WIDE-GAUGE FILMS FROM THE MUTOSCOPE & BIOGRAPH COMPANY 1897-1902
The Biograph group of companies was a remarkable venture in the formative years of moving pictures. Its unique selling point was the quality of its sharp and steady images provided by the large 68mm format, motorised camera and high frame rate. Biograph set up a company in London and from there, other European cities so guaranteeing the supply of films to its premiere venues in each of the countries. W.K.L. Dickson, one of the Company’s founders, travelled back to England in 1897 after his long career in the US to establish these links but despite being an engineer focused very much on the supply of content, rather than hardware, for the big screen and for its individual viewer, the Mutoscope. The chosen venue for the American Biograph, as it was always known, was London’s Palace Theatre of Varieties where it had an exclusive residency till 1902 for its premiere product. Dickson’s films were characterised by an international outlook with an interest in celebrity, royalty and entertainers, travel, sporting fixtures and industrial and military demonstrations. A European tour took Dickson to Italy in 1898 to film Pope Leo XIII and in 1899 to South Africa to report directly from the Boer war.
A collection of 68mm Biograph films was acquired by the BFI – National Archive in 1969 from the widow of Dr Rolf S. Schultze, formerly curator of the Kodak Museum in Harrow. Another cache of Biographs were discovered in the offices of a newspaper in the Hague in 1948 and is now held at the EYE Filmmuseum.
A first restoration project in the 1990s led by the Dutch archive at Haghefilm lab transferred the 68mm films onto 35mm. In 2018, BFI – National Archive, again in collaboration with Eye Filmmuseum and Haghefilm, undertook the digital restoration of the BFI’s Biograph films and a selection of British made titles held at EYE. The size of the nitrate copies and their lack of transportation perforations, made rostrum shooting the best method of image capture of each individual frame by a digital camera at 8K.
The Red Army leaves the city. Chairman of the Revolutionary Committee Serhii Kargal’skij asks his wife Nadja to stay and hide a secret package with documents. As soon as the White Army enters the city, they come to search Nadja’s apartment. Even though they do not find the package, Nadja is arrested. A White Army counterintelligence officer holds a lengthy interrogation with her in their headquarters. Nadja resolves to say nothing and does her best not to reveal the location of the package despite the blackmail and threats to her son, her husband and even her sanity.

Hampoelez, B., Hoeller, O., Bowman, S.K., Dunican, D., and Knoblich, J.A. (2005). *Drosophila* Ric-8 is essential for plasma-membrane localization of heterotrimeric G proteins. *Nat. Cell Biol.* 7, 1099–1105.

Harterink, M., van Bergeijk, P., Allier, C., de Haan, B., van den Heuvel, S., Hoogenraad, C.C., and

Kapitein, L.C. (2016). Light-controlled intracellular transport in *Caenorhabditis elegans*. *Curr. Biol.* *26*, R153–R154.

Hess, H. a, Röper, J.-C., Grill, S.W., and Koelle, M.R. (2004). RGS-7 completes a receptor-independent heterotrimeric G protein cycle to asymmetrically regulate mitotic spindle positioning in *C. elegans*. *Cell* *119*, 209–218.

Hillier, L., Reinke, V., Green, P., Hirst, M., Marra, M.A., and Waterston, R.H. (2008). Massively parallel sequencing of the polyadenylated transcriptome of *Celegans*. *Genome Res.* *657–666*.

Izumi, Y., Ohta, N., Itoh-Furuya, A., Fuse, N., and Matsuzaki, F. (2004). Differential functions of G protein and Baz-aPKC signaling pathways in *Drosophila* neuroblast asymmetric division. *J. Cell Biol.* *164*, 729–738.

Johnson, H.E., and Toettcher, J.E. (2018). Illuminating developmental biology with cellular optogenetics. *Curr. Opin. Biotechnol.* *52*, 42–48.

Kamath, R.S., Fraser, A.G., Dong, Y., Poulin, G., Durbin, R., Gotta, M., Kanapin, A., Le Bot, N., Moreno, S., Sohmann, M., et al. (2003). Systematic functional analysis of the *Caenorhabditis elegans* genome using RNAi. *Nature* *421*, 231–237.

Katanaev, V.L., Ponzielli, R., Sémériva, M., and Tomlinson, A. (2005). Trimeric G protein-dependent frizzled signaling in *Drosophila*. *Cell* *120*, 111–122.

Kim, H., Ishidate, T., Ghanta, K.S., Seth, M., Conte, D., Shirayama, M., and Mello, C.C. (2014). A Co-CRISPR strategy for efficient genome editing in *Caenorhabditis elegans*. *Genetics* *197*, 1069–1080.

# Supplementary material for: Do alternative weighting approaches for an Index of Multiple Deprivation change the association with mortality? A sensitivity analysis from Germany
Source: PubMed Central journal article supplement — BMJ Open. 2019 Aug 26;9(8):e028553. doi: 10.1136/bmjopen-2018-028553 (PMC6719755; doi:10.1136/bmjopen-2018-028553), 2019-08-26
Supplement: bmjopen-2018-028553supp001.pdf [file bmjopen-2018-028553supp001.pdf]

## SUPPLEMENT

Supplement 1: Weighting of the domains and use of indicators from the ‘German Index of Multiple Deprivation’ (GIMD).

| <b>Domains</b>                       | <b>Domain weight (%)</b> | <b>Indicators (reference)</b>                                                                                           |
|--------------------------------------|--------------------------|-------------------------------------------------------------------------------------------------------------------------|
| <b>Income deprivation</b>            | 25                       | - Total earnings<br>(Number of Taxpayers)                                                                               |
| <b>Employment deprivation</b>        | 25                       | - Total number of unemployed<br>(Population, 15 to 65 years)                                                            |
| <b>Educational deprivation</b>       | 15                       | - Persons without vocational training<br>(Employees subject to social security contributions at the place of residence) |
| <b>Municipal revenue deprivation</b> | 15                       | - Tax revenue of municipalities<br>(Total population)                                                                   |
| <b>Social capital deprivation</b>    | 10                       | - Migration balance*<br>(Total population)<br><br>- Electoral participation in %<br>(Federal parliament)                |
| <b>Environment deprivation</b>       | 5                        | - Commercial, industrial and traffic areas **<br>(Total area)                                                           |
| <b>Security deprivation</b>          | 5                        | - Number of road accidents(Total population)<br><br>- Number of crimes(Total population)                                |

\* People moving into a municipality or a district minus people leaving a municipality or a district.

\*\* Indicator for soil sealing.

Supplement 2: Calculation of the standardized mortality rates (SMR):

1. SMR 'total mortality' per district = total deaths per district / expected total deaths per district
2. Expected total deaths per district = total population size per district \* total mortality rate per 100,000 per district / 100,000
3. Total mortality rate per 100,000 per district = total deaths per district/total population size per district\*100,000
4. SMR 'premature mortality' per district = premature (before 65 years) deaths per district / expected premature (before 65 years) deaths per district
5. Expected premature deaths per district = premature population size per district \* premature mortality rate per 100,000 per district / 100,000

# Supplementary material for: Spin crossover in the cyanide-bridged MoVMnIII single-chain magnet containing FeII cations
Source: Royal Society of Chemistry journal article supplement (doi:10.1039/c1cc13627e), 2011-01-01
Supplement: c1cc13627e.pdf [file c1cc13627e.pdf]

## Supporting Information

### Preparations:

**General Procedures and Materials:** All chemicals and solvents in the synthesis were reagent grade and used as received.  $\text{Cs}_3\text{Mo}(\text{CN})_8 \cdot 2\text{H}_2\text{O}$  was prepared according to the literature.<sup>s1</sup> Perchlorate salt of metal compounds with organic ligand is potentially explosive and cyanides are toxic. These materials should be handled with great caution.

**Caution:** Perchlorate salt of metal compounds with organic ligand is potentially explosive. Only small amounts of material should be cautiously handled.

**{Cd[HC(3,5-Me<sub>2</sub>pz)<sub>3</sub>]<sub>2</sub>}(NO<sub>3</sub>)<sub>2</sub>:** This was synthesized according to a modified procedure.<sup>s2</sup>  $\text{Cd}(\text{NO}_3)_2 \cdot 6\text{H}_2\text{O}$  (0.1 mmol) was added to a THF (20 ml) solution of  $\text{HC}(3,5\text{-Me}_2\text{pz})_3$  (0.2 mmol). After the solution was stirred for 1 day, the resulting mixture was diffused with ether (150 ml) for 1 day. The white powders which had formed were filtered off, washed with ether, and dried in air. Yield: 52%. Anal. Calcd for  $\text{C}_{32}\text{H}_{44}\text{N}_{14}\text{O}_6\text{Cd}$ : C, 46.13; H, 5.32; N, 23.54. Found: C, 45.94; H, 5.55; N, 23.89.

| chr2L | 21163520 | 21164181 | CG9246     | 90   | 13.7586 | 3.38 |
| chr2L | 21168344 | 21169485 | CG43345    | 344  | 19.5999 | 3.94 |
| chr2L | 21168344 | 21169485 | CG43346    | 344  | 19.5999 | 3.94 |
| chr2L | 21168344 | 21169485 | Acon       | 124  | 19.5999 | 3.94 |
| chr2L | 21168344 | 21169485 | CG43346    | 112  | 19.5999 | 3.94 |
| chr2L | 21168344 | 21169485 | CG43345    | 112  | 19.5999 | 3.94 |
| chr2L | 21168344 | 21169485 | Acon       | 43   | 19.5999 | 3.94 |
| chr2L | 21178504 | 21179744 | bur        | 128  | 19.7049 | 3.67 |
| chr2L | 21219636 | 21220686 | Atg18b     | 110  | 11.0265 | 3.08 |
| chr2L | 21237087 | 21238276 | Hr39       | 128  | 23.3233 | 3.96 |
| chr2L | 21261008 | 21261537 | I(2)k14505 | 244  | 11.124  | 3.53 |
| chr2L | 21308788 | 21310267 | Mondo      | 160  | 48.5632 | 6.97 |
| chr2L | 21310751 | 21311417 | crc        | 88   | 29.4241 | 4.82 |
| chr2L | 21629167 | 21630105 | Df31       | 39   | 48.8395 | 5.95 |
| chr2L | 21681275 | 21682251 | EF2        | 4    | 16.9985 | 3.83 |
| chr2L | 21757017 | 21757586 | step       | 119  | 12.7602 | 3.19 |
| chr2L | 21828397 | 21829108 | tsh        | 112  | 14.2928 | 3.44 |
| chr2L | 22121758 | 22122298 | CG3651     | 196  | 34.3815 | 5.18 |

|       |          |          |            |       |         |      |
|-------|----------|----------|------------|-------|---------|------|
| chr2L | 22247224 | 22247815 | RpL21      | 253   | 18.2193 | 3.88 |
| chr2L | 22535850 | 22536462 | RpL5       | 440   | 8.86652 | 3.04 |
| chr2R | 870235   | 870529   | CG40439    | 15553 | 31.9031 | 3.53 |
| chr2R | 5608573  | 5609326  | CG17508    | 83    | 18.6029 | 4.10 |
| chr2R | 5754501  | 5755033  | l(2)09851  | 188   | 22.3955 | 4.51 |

Inspired by a dramatic life story of an anti-imperialist revolutionary Egor Sozonov, Order na aresht is the first Soviet Ukrainian film that thematises the traditional silence of the woman in patriarchal culture. Nadja is forced to speak yet thanks to her ability to keep silent, she manages to resist the rational world of men and war.
Order na aresht is one of the first successful films made by All-Ukrainian Photo-Cinema administration (VUFKU), which was established in 1922 as a modern state monopoly that controlled film production, distribution and exhibition in Ukraine. VUFKU successfully operated on the international market, selling its films to France, Germany, UK, USA and Canada, signing contracts with Kodak, Pathé, Agfa, Artkino. Moreover, VUFKU managed to create an inter-disciplinary cultural platform and engage many progressive Kulturträgers of that time (German cameraman Josef Rona, Russian poet Vladimir Majakovskij, constructivist sculptor Ivan Kavaleridze, photographer Danilo Demuc’kij, theatrical director Les Kurbas, artist Aleksandr Dovženko and the Kaufman brothers).
Order na aresht was made by Heorhii Tasin (the head of the Odessa Film Studio, a big admirer of German expressionism and the director of the first Soviet ‘eastern’ Alim about the life and struggle of Crimean Tatars) in collaboration with German DOP Albert Kyun and famous Crimean theatrical actor Chajri Ėmir-Zade.
As a result, despite its narrative thrills of cloak-and-dagger transformations, psychological torture and the romance of revolutionary committees, Order na aresht is also a reflection on the emancipation of women and their role in the historical and social processes of civil wars. Moreover, the interrogation of Nadja Kargal’ska turns into a Soviet foreshadowing of the trial from The Passion of Joan of Arc, which Carl Th. Dreyer would make two years after Tasin’s film.
Cast and Credits
Scen.: Solomon Lazurin. F.: Albert Kyun. Scgf.: Volodimir Balljuzek. Int.: Vira Vareckaja (Nadja), Chajri Ėmir-Zade (Serhii Kargal’skij), Nikolai Kutuzov (Valeriy), Nikolaj Panov, Alik Litoveckij. Prod.: VUFKU. DCP. D.: 84’. Bn.
Charge of the Carabineers, Aldershot
Four Warships in Rough Seas
Warships at Sunset
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